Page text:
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DNA vaccine protects non-human primates against MERS, study shows

A candidate vaccine has shown potential against MERS in non-human primates, when administered intradermally.

MERS vaccine

A synthetic DNA vaccine candidate for Middle East respiratory syndrome coronavirus (MERS-CoV) developed at The Wistar Institute, US, induced potent immune responses and afforded protective efficacy in non-human primate (NHP) models when given intradermally in abbreviated, low-dose immunisation regimen. 

“While several vaccine products are being advanced against MERS and other coronaviruses, low-dose delivery and shortened regimes are crucial to rapidly induce protective immunity, particularly during emerging outbreaks, as the current SARS-CoV-2 pandemic has emphasised,” said Dr David Weiner, who led the study.

Researchers evaluated the immunogenicity and protective efficacy of their MERS synthetic vaccine when delivered intradermally using a shortened two-dose immunisation schedule compared with intramuscular delivery of higher doses in NHP.

“Given that human efficacy trials for MERS vaccines may be challenging due to the low number of yearly cases, animal models such as our NHP model are valuable as a bridge with human data coming from early-phase clinical trials,” said Weiner.

The team report robust neutralising antibodies and cellular immune responses in all conditions tested. A rigorous virus challenge experiment showed that all vaccination groups were protected against MERS-CoV compared to unvaccinated control animals. However, the low-dose regimen with intradermal delivery was more impactful in controlling disease and symptoms than the higher dose delivered intramuscularly in NHP models.

“To our knowledge, this is the first demonstration of protection with an intradermally delivered coronavirus vaccine,” said Dr Ami Patel, one of the lead authors of the paper. “Intradermal delivery of synthetic DNA vaccines has significant advantages for rapid clinical development. It can be dose sparing and has higher tolerability in people compared with intramuscular injection. The positive results of this study are important not only for the advancement of this MERS vaccine but also for development of other vaccines.”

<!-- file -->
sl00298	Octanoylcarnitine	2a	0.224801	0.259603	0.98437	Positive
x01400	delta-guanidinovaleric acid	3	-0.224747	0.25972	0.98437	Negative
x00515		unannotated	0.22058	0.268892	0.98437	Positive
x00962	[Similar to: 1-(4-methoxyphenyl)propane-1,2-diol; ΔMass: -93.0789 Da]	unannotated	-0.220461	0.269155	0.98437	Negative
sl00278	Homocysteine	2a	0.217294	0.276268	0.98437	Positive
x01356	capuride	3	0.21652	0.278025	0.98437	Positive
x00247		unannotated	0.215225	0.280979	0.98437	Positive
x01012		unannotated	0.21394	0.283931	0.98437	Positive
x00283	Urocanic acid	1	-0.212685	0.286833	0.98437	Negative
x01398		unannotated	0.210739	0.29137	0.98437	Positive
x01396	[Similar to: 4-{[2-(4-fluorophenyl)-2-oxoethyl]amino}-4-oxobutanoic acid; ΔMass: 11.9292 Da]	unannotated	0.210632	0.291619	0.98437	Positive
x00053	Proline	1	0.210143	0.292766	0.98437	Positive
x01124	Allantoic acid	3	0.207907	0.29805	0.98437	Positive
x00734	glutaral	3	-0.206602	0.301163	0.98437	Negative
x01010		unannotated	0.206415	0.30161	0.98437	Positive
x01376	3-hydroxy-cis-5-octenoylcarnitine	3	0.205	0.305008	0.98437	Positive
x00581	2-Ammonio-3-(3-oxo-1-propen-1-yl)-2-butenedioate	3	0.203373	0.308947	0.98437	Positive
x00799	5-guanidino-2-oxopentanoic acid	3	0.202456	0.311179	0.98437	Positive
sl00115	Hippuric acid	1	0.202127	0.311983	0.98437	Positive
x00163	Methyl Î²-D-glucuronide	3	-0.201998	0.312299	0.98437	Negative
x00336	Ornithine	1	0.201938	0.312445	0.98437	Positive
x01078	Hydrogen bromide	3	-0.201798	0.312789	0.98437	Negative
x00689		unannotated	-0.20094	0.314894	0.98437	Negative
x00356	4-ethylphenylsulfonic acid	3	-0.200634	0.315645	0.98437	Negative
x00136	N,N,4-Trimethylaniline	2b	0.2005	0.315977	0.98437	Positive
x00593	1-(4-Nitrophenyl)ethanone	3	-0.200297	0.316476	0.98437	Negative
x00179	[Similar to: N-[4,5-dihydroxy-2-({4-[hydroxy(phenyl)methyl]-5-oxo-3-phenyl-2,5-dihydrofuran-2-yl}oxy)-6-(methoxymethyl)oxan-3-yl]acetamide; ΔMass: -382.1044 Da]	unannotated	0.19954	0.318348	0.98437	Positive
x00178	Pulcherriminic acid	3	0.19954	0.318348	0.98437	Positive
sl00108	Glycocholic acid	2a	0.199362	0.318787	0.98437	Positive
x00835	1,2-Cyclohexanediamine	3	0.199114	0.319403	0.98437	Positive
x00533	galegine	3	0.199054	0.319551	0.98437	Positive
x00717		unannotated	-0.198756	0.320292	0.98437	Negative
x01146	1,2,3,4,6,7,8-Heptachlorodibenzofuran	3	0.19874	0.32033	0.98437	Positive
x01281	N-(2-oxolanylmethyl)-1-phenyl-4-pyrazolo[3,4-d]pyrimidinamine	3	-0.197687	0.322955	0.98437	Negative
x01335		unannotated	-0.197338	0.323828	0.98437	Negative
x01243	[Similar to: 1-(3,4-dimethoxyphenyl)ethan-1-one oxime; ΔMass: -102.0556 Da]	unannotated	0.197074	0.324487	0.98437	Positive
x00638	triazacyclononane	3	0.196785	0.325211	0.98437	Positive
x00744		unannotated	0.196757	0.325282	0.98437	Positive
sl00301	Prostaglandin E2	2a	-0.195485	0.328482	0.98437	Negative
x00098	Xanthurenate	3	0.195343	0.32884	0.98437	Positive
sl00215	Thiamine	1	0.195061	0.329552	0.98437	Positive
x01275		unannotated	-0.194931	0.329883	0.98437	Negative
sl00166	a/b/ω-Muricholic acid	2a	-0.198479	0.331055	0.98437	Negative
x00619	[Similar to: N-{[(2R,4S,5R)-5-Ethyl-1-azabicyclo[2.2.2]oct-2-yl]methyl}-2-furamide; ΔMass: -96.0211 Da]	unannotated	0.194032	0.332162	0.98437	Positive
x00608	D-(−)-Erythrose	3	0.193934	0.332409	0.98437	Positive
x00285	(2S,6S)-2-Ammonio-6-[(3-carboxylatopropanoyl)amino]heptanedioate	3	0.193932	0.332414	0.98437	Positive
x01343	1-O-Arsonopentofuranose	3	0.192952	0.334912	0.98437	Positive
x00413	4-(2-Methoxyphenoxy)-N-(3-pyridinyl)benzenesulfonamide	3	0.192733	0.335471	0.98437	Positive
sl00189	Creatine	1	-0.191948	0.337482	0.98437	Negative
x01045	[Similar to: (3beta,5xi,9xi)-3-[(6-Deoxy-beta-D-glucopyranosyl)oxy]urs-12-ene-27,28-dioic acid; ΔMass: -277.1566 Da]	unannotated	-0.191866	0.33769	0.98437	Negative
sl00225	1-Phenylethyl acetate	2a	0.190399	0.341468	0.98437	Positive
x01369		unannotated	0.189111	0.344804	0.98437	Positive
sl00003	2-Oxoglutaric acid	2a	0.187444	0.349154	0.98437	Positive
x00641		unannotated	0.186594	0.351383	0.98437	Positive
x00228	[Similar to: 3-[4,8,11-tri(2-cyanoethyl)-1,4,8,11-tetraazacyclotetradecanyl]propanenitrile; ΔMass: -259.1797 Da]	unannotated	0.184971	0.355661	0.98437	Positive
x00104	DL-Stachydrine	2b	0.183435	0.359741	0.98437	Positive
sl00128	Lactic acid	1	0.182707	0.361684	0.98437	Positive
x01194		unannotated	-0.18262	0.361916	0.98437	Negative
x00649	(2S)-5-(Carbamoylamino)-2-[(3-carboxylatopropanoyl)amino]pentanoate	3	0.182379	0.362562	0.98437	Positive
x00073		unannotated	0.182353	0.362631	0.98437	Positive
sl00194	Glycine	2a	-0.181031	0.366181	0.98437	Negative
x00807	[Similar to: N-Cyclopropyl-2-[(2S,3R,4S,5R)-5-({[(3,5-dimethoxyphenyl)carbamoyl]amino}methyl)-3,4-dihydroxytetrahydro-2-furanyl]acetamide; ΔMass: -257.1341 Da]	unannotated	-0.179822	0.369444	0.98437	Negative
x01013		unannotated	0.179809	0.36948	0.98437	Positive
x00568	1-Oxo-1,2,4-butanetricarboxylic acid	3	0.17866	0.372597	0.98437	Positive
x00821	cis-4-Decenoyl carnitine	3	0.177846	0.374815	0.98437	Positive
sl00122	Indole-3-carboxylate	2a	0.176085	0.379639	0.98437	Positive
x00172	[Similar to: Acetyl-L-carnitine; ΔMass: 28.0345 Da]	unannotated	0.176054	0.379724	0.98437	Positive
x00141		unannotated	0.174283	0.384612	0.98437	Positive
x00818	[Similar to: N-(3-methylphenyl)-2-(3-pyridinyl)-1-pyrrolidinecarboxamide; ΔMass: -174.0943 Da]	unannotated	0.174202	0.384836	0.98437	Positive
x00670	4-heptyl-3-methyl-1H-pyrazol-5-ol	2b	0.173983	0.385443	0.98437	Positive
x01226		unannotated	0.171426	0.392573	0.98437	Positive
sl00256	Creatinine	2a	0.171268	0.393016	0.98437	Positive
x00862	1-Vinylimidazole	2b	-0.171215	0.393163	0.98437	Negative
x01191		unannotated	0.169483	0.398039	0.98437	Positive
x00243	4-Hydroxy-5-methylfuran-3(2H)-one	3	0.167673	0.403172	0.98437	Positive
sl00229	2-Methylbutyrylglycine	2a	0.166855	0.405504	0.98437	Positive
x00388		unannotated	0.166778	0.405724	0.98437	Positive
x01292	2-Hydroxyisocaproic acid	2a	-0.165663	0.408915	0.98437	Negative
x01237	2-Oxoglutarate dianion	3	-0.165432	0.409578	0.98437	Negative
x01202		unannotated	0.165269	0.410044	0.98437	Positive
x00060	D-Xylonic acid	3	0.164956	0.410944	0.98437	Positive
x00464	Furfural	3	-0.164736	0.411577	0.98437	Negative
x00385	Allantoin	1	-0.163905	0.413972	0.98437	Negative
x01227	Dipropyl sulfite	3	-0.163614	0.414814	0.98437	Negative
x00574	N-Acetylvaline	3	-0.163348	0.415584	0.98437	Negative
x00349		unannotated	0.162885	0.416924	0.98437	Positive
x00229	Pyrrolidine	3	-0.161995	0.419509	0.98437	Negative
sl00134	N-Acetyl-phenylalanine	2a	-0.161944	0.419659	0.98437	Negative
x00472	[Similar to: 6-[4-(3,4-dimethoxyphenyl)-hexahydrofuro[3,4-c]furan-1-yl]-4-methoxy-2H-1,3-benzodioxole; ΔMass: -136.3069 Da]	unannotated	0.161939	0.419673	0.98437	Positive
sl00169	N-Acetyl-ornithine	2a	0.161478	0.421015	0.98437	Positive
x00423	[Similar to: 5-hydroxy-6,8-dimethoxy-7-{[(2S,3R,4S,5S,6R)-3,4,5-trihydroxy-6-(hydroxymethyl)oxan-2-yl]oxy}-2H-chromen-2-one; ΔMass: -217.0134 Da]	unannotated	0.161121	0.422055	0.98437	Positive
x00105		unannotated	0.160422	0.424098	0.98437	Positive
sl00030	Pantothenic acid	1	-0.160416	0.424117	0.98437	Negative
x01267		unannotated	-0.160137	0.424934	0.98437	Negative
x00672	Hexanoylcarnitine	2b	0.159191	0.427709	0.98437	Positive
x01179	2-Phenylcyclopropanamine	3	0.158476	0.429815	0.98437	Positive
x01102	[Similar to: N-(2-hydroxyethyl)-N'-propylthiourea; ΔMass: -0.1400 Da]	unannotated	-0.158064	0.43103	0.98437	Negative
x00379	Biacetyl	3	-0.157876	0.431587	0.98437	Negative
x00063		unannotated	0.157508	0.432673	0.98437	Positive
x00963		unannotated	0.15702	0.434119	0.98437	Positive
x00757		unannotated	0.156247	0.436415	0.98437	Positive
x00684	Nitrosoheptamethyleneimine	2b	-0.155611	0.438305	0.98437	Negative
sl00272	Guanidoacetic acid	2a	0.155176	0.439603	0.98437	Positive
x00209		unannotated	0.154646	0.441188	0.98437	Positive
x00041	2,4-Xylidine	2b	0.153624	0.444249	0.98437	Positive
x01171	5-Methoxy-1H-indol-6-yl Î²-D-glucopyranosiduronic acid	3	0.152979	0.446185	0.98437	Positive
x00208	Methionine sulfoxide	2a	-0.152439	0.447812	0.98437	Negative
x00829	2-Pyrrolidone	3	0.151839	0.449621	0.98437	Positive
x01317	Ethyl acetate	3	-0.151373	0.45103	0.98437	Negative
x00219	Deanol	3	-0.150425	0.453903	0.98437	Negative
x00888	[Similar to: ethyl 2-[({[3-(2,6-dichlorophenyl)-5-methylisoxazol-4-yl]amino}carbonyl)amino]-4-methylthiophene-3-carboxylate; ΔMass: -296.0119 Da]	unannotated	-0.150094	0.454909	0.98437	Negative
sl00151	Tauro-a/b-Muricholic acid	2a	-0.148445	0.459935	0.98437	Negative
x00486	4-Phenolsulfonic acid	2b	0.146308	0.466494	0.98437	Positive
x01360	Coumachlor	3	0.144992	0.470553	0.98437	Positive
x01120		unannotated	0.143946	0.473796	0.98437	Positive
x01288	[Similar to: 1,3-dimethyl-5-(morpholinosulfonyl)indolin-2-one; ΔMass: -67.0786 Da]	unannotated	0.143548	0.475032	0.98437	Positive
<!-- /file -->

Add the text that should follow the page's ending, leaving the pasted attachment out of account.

“Our team is also advancing a COVID-19 vaccine through clinical trials and we were able to do so in a very short time thanks to our previous experience developing the MERS vaccine,” added Weiner.

No evidence of adverse effects on the lungs was observed in any of the dosing groups compared to unimmunised control animals. Through the assessment of a large panel of blood cytokines, researchers showed significant decrease in all mediators of inflammation, which further suggests the vaccine prevents the destructive inflammation induced by coronaviruses.

“In the past 20 years, three new coronaviruses have emerged and caused human outbreaks. The current SARS-CoV-2 pandemic has further emphasised the importance of rapid infection control for coronaviruses and other emerging infectious diseases,” said Dr Emma Reuschel, co-first author on the study. “Vaccine candidates that are simple to deliver, well tolerated and can be readily deployed in resource-limited settings will be important to achieve control of infection.”

The results were published in JCI Insight.

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